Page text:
Cure and Care

Two months ago, my mother, who has dementia, fell. The memory care facility called me and I rushed over; by then the parademics were getting ready to load her onto a gurney. I can’t describe that moment yet.

And here is where I say Mom is still alive and back in the memory care unit with her repaired hip. And I’m not really okay, but here is today, and there is tomorrow, and that’s what I focus on.

But this is about the hospital. What I learned during my mother’s stay is that ERs and ICUs are ill-prepared to provide consistent care-based treatment for dementia patients. Individual nurses were incredible. Gods, really. The woman who prepped my mom for surgery understood to speak slowly but not necessarily SHOUT, because my mother is not hard of hearing, she has a serious cognitive impairment. Prep nurse: god. After the surgery, my mother encountered a range of nurses, aides, social workers, doctors, and physical and occupational therapists, and each of them approached her differently and with variable levels of understanding. The PT who kept shouting into my mom’s face, “What’s your name? Can you tell me your name?” was not helping anyone. This is what I mean by “consistent.”

In her book Dementia Reimagined, medical ethicist and psychiatrist Dr. Tia Powell writes of the divide between psychiatry and neurology in treating dementia. The lingering stigma of the psychiatric approach to the disease has to do with the way sufferers were lumped together with psychotics, the deeply depressed, and the manic, when dementia was considered early in the twentieth century to be a “functional” disorder, having no discernable physiological source. The responsibility shifted to neurology as the brain was understood better, understood as an “organic” disorder. But because of that shift, Powell says, there hasn’t been enough consideration of what psychological functioning exists in dementia patients. What joy can still be found. What suffering can be prevented. It shouldn’t be an either/or proposition. “Dementia is a brain illness,” Powell writes, and what its sufferers need is the best care from both sides of the medical aisle.

This may be one reason why our society takes a “cure” approach to dementia and has generally marginalized “care” for dementia patients–including within the medical community. In other words, as dementia treatment has been taken over by neurologists and the medical research field, psychiatric care is no longer considered as much as it should be. I don’t remember that Powell makes that this correlation explicit, though the entirety of her book is about reemphasizing care. But she does mention numerous examples of doctors–specialists, in particular–failing to guide families through care-based decisions. Doctors are more likely to recommend another procedure, another treatment, another drug, and to do so without asking, “Is this making the patient’s suffering worse or is it relieving their suffering?”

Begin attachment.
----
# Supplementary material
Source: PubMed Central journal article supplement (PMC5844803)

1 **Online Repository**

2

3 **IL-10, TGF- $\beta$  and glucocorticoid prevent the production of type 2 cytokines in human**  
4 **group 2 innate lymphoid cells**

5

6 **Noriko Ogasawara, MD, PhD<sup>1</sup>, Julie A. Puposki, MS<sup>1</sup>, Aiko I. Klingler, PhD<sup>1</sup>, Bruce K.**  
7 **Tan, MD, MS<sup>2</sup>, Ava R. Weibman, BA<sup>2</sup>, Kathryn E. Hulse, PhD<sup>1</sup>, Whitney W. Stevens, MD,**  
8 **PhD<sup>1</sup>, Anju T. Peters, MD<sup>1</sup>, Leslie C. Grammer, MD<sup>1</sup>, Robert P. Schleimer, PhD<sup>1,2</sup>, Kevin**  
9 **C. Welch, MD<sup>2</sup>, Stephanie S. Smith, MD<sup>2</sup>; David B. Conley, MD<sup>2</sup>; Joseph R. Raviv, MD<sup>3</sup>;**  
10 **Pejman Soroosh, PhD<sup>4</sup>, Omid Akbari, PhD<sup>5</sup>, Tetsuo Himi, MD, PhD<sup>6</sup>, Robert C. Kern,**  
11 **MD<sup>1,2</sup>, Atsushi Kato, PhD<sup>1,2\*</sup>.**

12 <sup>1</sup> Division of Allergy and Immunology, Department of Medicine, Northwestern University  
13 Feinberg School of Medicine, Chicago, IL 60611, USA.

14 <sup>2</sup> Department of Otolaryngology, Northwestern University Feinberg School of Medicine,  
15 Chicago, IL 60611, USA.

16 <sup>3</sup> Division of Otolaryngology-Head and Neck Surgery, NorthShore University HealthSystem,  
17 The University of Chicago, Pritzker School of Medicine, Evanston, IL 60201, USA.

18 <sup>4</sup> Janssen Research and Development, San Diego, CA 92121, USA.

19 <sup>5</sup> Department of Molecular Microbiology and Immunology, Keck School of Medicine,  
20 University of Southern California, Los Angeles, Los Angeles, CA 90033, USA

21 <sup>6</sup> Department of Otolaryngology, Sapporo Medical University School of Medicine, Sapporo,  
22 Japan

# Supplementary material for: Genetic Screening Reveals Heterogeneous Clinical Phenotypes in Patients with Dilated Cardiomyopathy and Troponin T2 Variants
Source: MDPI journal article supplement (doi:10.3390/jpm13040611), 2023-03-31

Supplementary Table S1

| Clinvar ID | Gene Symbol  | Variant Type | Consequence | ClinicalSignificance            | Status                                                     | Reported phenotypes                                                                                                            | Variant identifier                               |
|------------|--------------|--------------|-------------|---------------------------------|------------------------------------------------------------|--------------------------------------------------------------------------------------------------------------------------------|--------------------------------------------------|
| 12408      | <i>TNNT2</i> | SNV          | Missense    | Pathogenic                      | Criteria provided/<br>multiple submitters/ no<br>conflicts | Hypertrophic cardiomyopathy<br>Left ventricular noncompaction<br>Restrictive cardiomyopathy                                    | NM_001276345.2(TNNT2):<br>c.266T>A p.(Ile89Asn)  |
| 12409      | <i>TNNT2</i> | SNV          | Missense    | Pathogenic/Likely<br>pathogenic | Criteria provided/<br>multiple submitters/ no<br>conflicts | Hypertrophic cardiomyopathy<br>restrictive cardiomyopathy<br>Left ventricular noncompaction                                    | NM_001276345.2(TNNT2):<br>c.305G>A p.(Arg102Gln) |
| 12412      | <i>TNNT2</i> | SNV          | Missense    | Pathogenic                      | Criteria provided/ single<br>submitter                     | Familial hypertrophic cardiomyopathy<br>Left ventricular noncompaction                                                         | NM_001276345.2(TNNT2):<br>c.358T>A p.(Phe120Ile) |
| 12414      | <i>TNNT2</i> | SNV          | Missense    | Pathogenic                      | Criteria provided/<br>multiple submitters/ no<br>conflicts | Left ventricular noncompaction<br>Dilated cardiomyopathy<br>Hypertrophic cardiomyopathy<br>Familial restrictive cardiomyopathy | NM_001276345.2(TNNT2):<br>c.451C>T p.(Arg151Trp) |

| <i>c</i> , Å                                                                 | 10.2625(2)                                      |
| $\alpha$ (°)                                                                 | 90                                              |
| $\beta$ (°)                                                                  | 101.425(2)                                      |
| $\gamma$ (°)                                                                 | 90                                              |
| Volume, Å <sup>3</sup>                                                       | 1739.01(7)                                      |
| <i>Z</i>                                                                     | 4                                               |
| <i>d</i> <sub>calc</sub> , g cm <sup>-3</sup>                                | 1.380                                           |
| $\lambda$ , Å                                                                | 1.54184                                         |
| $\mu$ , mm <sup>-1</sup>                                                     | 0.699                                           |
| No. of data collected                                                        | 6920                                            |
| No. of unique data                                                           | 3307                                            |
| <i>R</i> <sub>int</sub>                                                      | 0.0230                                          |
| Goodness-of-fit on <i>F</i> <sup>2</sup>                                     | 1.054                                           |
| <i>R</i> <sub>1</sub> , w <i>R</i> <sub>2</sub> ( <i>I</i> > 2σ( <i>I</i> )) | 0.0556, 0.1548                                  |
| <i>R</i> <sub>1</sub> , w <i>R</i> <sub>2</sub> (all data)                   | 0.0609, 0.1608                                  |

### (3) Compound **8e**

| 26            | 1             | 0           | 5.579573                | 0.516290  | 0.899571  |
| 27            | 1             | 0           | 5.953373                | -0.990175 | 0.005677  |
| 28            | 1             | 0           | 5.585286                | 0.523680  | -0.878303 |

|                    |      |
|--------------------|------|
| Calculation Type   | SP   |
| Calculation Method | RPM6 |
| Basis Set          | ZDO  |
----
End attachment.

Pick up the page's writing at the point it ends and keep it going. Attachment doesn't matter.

This isn’t to say all psychiatrists excel at care, or that they do not overprescribe medication. But we do not talk about cures for mental illness like we do for dementia. Dignosed fifteen years ago with depression and anxiety, I have never been told to hold out hope for a cure. I’ve been told to learn how to manage the disease and how to ask for help. The emphasis has always been on care. (And I’m grateful for that.)

William Utermohlen, Blue Skies, 1995, oil on canvas (see note at end of essay)

In the present moment of this soul-sick nation, as young White men armed with assault rifles massacre Black grocery shoppers in Buffalo and predominantly Latinx-American children in a small Texas town, the cure v. care dialectic is one way to judge the nation’s priorities, its values. Republicans insist there’s no “cure” for these slaughters, none that involves gun reform. They twist in the wind pointing at other so-called solutions that have no basis in fact; they say we ought to care for people with mental illness and in the process demonize them; they condemn video games as a prelude to violence when no study has ever determined a correlation; they blabber on about “family culture” and “the culture of fatherlessness”; and they propose arming teachers and building our schools into fortresses. When you dig through to the reality of their stance–that gun ownership rights are sacred (and profitable) and more valuable than people’s lives, including the lives of children–what you find is a perverse kind of “care” approach: There is nothing we can do to stop this “virus” of mass shootings, so we offer our “thoughts and prayers” and point to other red herrings. This kind of “caring” is, in fact, its opposite.